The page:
JOHANNESBURG, South Africa -- Kenyan police investigating an alleged terror cell in the city of Mombasa in 2011 walked into a house associated with one of its suspects and confronted a British woman with small children.
She told them she was a tourist and showed them a South African passport with the name "Natalie Faye Webb." They let her go.
Twenty-one months later, at Kenya's request,
The red alert, which obliges Interpol's 190 member countries to arrest Lewthwaite if she is found, does not relate to the shopping mall attack. It stems from charges of possession of explosives and conspiracy to commit a felony in 2011.
Lewthwaite, daughter of a British soldier, is the widow of Germaine Lindsay, one of four suicide bombers who attacked three London subway cars and a bus in July 2005, killing themselves and 52 others.
The Interpol alert comes after Kenyan Foreign Minister Amina Mohamed said that a white British woman with a record of involvement in terrorism was believed to be among the weekend attackers. Kenyan President Uhuru Kenyatta said intelligence suggested the involvement of a British woman, but added there was no confirmation.
Some victims have claimed they saw and heard a woman among the attackers, according to Kenyan media.
South African authorities said Thursday that a South African passport used by Lewthwaite was canceled two years ago. Home Affairs Minister Naledi Pandor said the document was obtained fraudulently based on a stolen identity.
According to Kenyan police, officers stumbled across Lewthwaite when investigating the alleged terror cell in coastal Mombasa, where witnesses say radical Muslim preachers recruit jobless young Kenyans to fight with Shabab in Somalia.
In December 2011, police had arrested Jermaine Grant, a Briton who had been found with explosives at his house. He is facing trial for possession of explosives and intent to build an explosive device. After his arrest, Grant led police to a house owned by a top Al Qaeda agent in East Africa, Musa Hussein Abdi, where they found Lewthwaite.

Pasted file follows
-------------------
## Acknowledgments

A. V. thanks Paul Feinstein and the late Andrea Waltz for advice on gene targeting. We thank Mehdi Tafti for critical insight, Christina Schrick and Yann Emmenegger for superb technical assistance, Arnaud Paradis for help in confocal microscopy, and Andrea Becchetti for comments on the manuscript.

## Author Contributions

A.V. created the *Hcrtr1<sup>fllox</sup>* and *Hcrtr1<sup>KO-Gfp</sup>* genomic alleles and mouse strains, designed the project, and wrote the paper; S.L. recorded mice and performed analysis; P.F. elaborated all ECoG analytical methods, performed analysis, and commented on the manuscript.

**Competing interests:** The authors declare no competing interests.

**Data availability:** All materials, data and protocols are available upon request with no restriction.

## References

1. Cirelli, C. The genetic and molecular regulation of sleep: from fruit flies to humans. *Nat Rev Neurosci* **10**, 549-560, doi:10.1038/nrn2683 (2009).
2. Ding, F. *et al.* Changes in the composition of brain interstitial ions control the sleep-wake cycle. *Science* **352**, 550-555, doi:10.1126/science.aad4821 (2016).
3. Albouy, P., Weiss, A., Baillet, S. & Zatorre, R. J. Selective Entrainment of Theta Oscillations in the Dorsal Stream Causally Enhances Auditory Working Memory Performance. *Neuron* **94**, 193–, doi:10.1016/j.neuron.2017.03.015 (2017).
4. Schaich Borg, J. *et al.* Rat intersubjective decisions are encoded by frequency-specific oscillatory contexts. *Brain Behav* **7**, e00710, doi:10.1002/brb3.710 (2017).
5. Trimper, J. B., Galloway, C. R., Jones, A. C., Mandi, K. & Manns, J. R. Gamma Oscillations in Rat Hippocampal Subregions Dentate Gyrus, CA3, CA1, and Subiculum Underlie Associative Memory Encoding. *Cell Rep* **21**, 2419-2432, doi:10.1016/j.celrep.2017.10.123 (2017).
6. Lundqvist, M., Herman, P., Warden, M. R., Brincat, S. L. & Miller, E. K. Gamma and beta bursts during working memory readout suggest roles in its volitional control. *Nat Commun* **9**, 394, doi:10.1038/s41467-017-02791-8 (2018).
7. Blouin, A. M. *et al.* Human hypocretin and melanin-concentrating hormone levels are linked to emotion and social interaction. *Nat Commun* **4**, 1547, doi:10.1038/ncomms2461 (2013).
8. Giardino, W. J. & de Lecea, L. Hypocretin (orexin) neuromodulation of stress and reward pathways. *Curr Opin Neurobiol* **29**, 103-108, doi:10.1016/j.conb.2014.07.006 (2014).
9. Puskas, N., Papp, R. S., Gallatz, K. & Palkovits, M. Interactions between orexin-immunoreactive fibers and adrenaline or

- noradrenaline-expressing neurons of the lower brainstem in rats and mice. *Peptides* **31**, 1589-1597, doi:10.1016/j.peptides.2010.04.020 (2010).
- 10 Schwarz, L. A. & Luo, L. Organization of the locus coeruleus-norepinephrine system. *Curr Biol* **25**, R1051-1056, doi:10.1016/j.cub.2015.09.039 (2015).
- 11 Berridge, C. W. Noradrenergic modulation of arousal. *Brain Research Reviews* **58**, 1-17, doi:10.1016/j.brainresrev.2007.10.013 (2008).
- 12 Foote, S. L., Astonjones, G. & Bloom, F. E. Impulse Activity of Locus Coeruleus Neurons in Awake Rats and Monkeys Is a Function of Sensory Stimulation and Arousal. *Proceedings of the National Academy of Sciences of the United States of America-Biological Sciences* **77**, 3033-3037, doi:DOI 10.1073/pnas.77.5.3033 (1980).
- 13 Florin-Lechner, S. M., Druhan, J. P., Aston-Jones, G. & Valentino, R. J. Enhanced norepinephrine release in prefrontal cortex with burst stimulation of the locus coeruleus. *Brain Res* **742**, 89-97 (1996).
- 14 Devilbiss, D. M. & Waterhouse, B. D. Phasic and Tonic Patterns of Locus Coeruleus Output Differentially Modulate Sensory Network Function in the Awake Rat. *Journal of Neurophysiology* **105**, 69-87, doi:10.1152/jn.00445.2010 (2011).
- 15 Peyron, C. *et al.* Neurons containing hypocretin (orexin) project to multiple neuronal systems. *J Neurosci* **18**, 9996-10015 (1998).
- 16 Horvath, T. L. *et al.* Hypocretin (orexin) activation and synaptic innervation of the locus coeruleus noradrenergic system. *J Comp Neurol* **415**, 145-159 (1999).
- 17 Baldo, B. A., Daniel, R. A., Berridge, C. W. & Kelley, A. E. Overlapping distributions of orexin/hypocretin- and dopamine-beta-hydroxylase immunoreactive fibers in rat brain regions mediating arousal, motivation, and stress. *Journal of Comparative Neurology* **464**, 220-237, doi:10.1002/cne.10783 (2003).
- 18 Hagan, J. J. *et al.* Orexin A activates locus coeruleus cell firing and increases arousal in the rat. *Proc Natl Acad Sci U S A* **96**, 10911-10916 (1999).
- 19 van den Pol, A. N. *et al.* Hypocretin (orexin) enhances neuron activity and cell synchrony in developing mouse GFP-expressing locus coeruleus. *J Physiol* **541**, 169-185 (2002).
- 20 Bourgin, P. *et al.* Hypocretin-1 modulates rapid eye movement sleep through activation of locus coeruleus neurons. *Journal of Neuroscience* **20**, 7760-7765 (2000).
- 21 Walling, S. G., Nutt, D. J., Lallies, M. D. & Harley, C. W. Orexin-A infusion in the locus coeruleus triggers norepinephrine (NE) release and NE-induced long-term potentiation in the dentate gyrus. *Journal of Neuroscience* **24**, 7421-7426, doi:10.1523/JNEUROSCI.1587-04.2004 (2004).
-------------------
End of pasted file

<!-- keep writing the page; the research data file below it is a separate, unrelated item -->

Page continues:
Abdi had been killed in June 2011 in Mogadishu, Somalia, alongside Al Qaeda's regional leader, Fazul Abdullah Mohamed, who played a key role in the 1998 bombings of the U.S. embassies in Kenya and Tanzania. Like Lewthwaite, Mohamed traveled on a South African passport. Lewthwaite was reportedly friendly with Abdi's widow, Nassim.
After failing to arrest Lewthwaite, police were later ordered to return to Abdi's house, only to find that she had fled, according to Kenyan media reports citing police.
British media reports say Lewthwaite converted to Islam at 17, after she was upset by her parents' 1994 divorce, and later married Lindsay, whom she met in an Internet chat room.
Following her husband's suicide attack in London, Lewthwaite was cited in the British media saying she abhorred the killing of civilians.
But a diary that Kenyan police found at Abdi's house, which police believe belonged to Lewthwaite, said that the wives of Muslim suicide bombers must be devoted, obedient and unquestioning because their lives would be "sweeter in the hereafter" because of the "sacrifices" of their husbands, according to 2012 reports in British media.
Lewthwaite, a mother of three, is believed to have escaped into Tanzania with British terror suspect Habib Saleh Ghani, according to authorities. Kenyan police said last year that they believed she was in Somalia. They described Ghani as highly dangerous.
South Africa's Eyewitness News, which interviewed Lewthwaite's former South African employer, reported Thursday she worked as an IT specialist at a halaal pie factory.
The employer, who declined to be identified, said she lived a quiet life with her children. Lewthwaite accumulated thousands of dollars in unpaid credit card debt and loans in South Africa, Eyewitness News reported. She also rented several properties and had three cellphones.
Lewthwaite was active in South Africa as recently as May 2012, the report said, citing consumer records. The records imply she entered South Africa after fleeing Kenya into Tanzania, an embarrassment for South African authorities.